But Jesus tells us we cannot both serve God and wealth. Jesus tells us to stop focusing, to stop being anxious, to stop worrying about not just wealth, but even necessities. “[D]o not worry, saying, ‘What will we eat?’ or ‘What will we drink?’ or ‘What will we wear?’. . .” Jesus tells us instead to choose to “strive FIRST for the kingdom of God . . . and all these things will be given to [us] as well.” In other words, according to Jesus, if we choose to focus first on the kingdom of God then we will not have to worry or be anxious about food and clothing.
Prof. Stephen Patterson in a book I often quote from, The God of Jesus, writes that
[t]hroughout the tradition of Jesus’ sayings we find a common thread binding it all together: a social radicalism that calls into question common assumptions about how people ought to order their lives.
Prof. Patterson goes on to note that the final line in today’s scripture cannot be read as a
“pie-in-the-sky theology,” where we passively wait and God provides all of life’s necessities. Jesus’ final admonition instead requires us to collectively “strive first for the kingdom of God and [God’s] righteousness.”
Meaning,
we must order life in such a way that the Empire of God becomes a reality. If one does this, or rather, if a community does this, the necessities of life will fall into place. . . Jesus’ words speak about ordering human relations in such a way that no one is expendable and all have unbrokered access to the means of life.
What Stephen Patterson means is Jesus taught us to tend to well being of everyone so that then everyone – including us– will have enough.
And to those of us who scoff at that being possible, we’d do well to remember that quote I gave from The Food Aid Foundation about hunger. It started off noting we live “In a world where we produce enough food to feed everyone.” In the Empire of God we find a way to spread that food out for the well being of all. If we strive for that no one has to worry about food. We are to do that with drink and clothing and rights too.
What would happened if we did this? What if we chose to focus on taking care of everyone, so no one remains on the margins, no one is expendable? What if whenever we pray “give us our daily bread” we mean “us,” as in “all of us,” all of humanity and then choose to strive to make that prayer happen?
Those are usually questions I deal with and answer around Advent because it is easy for me to point to the culture amping up care for everyone. Around Christmas people want to take care of others, people want to give money and gifts to help friends and family and neighbors and folks they do not even know. We go out of the way to provide food and clothing to those in need of it at Christmas. All of that is a glimpse of what love cranked up a few notches can accomplish. They are a hint of what the Empire of God looks like in reality. Because we finally take time to turn our focus to striving toward God’s Empire, what Jesus calls in the reading God’s kingdom.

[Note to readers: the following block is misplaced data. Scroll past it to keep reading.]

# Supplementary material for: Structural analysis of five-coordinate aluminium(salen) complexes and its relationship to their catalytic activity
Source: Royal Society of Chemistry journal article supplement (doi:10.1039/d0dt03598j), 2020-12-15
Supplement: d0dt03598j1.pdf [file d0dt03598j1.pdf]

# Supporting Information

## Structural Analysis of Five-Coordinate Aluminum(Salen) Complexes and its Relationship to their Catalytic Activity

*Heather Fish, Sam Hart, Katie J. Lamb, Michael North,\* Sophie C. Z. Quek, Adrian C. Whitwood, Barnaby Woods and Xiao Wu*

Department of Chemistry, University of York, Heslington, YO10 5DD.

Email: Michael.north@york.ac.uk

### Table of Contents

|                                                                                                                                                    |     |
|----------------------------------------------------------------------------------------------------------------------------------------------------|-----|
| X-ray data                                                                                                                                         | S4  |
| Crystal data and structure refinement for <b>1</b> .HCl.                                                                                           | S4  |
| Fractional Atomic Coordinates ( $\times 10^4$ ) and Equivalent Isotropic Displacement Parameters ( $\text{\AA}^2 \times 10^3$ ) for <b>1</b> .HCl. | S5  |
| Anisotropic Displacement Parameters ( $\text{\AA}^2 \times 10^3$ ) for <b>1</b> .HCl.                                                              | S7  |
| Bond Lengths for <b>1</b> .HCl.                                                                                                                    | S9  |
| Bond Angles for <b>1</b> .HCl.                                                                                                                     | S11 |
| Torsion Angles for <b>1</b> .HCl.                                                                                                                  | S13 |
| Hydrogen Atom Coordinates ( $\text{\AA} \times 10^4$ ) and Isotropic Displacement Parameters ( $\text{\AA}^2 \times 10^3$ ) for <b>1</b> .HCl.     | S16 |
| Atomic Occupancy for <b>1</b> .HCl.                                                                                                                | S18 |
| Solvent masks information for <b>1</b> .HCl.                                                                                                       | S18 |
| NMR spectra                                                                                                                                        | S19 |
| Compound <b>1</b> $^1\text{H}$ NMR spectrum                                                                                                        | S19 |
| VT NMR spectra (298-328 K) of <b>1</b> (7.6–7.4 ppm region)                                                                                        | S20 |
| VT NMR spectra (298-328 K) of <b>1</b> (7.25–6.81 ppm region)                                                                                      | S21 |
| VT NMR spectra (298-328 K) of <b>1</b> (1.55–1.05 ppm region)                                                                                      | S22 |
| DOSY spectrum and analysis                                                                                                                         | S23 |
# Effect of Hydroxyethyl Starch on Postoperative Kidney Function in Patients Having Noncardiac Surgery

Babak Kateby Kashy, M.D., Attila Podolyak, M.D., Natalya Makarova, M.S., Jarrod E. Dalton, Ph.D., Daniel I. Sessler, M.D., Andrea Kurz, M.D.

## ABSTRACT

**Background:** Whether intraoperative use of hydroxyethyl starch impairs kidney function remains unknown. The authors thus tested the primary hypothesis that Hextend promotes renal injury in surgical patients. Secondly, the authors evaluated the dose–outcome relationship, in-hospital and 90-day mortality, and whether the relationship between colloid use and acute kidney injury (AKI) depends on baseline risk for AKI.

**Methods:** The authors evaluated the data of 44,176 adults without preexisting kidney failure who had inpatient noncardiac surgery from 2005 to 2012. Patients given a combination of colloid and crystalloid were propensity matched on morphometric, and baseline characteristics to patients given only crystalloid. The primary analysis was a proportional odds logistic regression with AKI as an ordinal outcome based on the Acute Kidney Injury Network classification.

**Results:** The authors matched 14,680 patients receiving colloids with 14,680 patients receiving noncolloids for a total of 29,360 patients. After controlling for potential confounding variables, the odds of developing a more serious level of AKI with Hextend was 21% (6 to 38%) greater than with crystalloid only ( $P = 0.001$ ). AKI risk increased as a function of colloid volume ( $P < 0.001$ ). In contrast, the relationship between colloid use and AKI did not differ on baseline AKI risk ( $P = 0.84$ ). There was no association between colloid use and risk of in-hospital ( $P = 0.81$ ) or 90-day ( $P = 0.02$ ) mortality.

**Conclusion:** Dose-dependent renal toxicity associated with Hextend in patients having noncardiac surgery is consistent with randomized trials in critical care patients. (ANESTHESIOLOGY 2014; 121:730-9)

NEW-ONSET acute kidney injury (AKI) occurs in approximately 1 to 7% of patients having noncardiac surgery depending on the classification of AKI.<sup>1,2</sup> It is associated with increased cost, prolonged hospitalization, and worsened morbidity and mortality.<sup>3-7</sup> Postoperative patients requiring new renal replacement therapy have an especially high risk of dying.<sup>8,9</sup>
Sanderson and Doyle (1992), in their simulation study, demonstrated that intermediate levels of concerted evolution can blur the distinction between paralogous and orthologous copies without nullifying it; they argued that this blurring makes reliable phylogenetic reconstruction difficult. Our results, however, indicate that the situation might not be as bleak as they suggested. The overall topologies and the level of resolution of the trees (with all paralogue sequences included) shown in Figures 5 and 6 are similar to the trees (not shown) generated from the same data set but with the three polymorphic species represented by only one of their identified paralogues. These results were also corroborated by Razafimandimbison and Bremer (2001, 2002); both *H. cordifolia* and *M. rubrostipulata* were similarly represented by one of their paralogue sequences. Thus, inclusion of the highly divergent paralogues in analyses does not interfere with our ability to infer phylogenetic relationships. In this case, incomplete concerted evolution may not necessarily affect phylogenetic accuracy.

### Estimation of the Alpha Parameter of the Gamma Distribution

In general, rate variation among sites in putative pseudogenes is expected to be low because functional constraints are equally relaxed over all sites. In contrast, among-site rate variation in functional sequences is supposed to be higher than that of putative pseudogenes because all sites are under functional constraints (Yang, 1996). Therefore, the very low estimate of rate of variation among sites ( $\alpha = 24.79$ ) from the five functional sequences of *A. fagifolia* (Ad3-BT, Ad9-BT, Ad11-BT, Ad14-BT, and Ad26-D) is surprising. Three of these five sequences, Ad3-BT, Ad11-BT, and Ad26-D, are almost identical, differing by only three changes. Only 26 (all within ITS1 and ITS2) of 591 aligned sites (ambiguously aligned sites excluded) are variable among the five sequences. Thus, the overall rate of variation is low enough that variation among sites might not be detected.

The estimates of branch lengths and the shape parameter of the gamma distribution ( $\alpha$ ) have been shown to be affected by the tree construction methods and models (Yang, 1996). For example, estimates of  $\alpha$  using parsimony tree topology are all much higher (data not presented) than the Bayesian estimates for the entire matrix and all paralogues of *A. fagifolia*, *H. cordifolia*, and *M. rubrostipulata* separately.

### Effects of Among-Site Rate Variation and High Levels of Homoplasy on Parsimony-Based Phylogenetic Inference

And look what happens, we love more and we like it. It makes us feel good. And it is good. And guess what? those considered least in the culture are cared for, we act as the hands of God and provide food and clothing, making Jesus right. When we “strive first for the kingdom of God . . . all [such] things will be given to [us] . . .” I usually turn to all this at Christmas time because the examples abound in that uplifting season. Since March or so of this year, 2020, we have had one heck of a season that might seem anything but uplifting. We have now had months of the corona virus pandemic causing so many deaths and a brutal economic downturn. All that has now mixed in with the centuries old pandemic of racism causing horrific and brutal examples of more violence against our Black brothers and sisters.
As horrible as those two pandemics have been in 2020, in response to all of the death and disease, hatred and violence, millions and millions of people have chosen to strive for the Empire of God. The good news is health care workers, essential employees, leaders of nations and most people have tried to make the world safer, have given up much and worked hard toward the well being of friends and family and neighbors and folks they do not know. The good news is people from all walks of life around the world, and particularly in America, have taken to actively opposing the hatred and violence of friends and family and neighbors and folks they do not know.
In the midst of our being upset by the death and disease, hatred and violence, millions and millions of people have chosen to strive for the realm of God, and those acts provide a glimpse of what a difference love cranked up accomplishes. They are a hint of what the Reign of God look like played out in reality – the Shalom that we are supposed to strive toward all year. When we have turned our focus in these terrible crisis to strive toward God’s Empire, look what happens! God’s kingdom can be felt breaking-in all over the world. The virus is being quelled by the masses. Racism is being challenged by the masses. And most of the masses have behaved peaceful. Humanity is seeking justice and loving kindness and walking humbly with our God.
So see Jesus’ truth in the reading is not pie-in-the-sky don’t worry God will make necessities magically appear. Jesus’ truth in the reading is that when we focus on God’s kingdom we take care of each other, we make the effort to be the hands and feet and voice of God that provides the necessities needed and worry about, the justice and kindness God asks us to seek and love on our humble walks with God. If we strive first for that: people get fed, people get clothed, people get less sick, people get justice, people get kindness. The pandemics of the virus and racism can finally end. The actions of good by people in this season of upset over the corona virus and systemic and cultural racism gives us tangible hope that the Reign of God on earth is actually really possible! Such hope and happenings are something to be very, very to be thankful for! Amen.

ENDNOTES
* based in part on a sermon I wrote in 2006
1. Patterson, Stephen, The God of Jesus, Trinity Press International (1998) p 103.
2. Ibid, 106.